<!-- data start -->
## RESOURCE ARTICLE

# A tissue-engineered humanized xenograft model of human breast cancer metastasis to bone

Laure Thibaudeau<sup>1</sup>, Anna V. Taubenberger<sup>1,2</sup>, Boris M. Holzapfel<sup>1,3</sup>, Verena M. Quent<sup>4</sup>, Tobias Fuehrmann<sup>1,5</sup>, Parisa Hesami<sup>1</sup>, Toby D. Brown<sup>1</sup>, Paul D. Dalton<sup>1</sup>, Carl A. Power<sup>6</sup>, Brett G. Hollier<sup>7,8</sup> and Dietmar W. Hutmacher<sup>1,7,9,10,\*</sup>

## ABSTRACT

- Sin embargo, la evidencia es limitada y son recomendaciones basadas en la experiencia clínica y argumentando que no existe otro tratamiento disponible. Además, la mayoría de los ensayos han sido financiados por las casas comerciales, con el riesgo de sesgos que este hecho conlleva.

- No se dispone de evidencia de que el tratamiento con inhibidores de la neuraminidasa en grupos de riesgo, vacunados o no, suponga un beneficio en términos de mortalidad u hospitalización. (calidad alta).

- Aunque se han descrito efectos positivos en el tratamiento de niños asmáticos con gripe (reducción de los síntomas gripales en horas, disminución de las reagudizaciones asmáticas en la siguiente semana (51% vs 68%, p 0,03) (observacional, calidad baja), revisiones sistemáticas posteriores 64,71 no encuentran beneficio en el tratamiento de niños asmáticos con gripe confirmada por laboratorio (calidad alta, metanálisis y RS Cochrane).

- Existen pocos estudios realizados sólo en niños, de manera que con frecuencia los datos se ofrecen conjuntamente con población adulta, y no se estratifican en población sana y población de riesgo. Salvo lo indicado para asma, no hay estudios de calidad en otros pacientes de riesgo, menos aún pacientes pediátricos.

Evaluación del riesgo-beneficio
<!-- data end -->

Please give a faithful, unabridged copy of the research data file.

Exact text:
## RESOURCE ARTICLE

# A tissue-engineered humanized xenograft model of human breast cancer metastasis to bone

Laure Thibaudeau<sup>1</sup>, Anna V. Taubenberger<sup>1,2</sup>, Boris M. Holzapfel<sup>1,3</sup>, Verena M. Quent<sup>4</sup>, Tobias Fuehrmann<sup>1,5</sup>, Parisa Hesami<sup>1</sup>, Toby D. Brown<sup>1</sup>, Paul D. Dalton<sup>1</sup>, Carl A. Power<sup>6</sup>, Brett G. Hollier<sup>7,8</sup> and Dietmar W. Hutmacher<sup>1,7,9,10,\*</sup>

## ABSTRACT

- Sin embargo, la evidencia es limitada y son recomendaciones basadas en la experiencia clínica y argumentando que no existe otro tratamiento disponible. Además, la mayoría de los ensayos han sido financiados por las casas comerciales, con el riesgo de sesgos que este hecho conlleva.

- No se dispone de evidencia de que el tratamiento con inhibidores de la neuraminidasa en grupos de riesgo, vacunados o no, suponga un beneficio en términos de mortalidad u hospitalización. (calidad alta).

- Aunque se han descrito efectos positivos en el tratamiento de niños asmáticos con gripe (reducción de los síntomas gripales en horas, disminución de las reagudizaciones asmáticas en la siguiente semana (51% vs 68%, p 0,03) (observacional, calidad baja), revisiones sistemáticas posteriores 64,71 no encuentran beneficio en el tratamiento de niños asmáticos con gripe confirmada por laboratorio (calidad alta, metanálisis y RS Cochrane).

- Existen pocos estudios realizados sólo en niños, de manera que con frecuencia los datos se ofrecen conjuntamente con población adulta, y no se estratifican en población sana y población de riesgo. Salvo lo indicado para asma, no hay estudios de calidad en otros pacientes de riesgo, menos aún pacientes pediátricos.

Evaluación del riesgo-beneficio